Calling for greater transparency and an increase in consumer control, the Federal Trade Commission has released its report on the data broker industry.
Based on a study of nine data brokers, the FTC’s “Data Brokers: A Call for Transparency and Accountability” report concluded that the industry operates with a “fundamental” lack of transparency and recommended that federal legislation be enacted to regulate data brokers. Consumers should be given greater control over their personal information, the agency said, and it suggested that a centralized portal be created to provide consumer access and the ability to opt out from the use of their data.
While the report did acknowledge some of the benefits provided by the collection and use of consumer data (such as targeted advertising), the FTC said the industry’s control over “vast amounts of consumer information” raised privacy concerns.
“The extent of consumer profiling today means that data brokers often know as much – or even more – about us than our family and friends, including our online and in-store purchases, our political and religious affiliations, our income and socioeconomic status, and more,” Chairwoman Edith Ramirez said in a statement about the report. “It’s time to bring transparency and accountability to bear on this industry on behalf of consumers, many of whom are unaware that data brokers even exist.”
The report documented the size of brokers’ data collections, noting that a single broker held information on more than 1.4 billion consumer transactions, while another adds upwards of 3 billion new data points each month. The report also found that data brokers collect consumer data from both online (social media activity) and offline (magazine subscriptions) sources and often share data with each other.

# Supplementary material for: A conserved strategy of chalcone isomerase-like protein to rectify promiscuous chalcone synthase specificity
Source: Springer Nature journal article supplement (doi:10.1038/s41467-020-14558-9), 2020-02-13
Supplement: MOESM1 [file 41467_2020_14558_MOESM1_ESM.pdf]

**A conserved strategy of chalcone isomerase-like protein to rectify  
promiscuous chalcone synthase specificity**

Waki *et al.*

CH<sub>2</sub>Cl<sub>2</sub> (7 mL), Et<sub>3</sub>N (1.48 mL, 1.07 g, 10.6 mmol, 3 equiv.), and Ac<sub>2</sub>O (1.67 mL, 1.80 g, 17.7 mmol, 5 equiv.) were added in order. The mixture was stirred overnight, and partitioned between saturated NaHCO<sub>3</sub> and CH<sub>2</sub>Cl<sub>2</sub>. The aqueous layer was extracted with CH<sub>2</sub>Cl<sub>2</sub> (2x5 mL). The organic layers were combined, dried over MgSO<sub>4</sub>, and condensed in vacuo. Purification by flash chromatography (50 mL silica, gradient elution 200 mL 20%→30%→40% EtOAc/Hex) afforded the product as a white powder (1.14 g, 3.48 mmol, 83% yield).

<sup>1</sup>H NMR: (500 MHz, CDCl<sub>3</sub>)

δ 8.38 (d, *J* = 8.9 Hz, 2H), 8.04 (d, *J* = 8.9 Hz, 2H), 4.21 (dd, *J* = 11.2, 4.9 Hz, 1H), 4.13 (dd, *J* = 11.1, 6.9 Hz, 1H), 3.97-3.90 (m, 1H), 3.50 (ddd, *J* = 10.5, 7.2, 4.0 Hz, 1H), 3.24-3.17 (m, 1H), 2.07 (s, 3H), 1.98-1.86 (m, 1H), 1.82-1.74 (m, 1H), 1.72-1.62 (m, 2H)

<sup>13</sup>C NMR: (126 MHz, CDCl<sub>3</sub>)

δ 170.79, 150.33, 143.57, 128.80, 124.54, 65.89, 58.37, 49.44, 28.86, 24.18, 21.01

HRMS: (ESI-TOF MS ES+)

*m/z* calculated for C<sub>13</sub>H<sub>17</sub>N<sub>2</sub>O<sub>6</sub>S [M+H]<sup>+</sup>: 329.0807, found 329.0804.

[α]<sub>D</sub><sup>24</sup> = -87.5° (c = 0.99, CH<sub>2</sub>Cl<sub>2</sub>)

Much of the data collection is done without consumers’ knowledge, the FTC said. Information is combined and analyzed to make inferences about consumers, “including potentially sensitive inferences” related to their ethnicity, income, religion, or health conditions. Consumers are characterized into groups such as “Rural Everlasting” (single adults over age 66 with low educational attainment) and “Urban Scramble” (low-income Latinos and African-Americans).
The compiled data poses risks to consumers when used for unanticipated reasons, the agency said. For example, “Bike Enthusiasts” could receive offers for discounts on motorcycles but could also be on the receiving end of higher insurance rates because their “risky behavior” has been identified as a result.
Concluding that federal legislation to regulate the industry would improve transparency and consumer control, the report recommended that a “centralized mechanism” be created where data brokers would identify their company and explain their practices to consumers who would be given access to their data and the ability to opt out from its use.
A law should also require data brokers to inform consumers about the inferences they derive from the data and provide consumers with information about their sources and with whom they share their information. Affirmative opt-in consent to collect and share sensitive information – like health data – should also be mandated, the FTC said.
The 110-page report concluded with three best practices for the data broker industry: implement the privacy by design principles set forth in the agency’s consumer privacy report, “implement better measures” to refrain from collecting information from children and teens, and take “reasonable precautions” to ensure that downstream users don’t use data for eligibility determinations or for unlawful discriminatory purposes.
To read the FTC’s report, click here.
Why it matters: With the data broker industry already under the scrutiny of Sen. Jay Rockefeller (D-W.Va.) and the subject of multiple federal reports (from the Governmental Accountability Office), the FTC report produced few revelations or surprises. However, the call for a federal law builds upon prior demands for industry regulation and could heighten legislative efforts.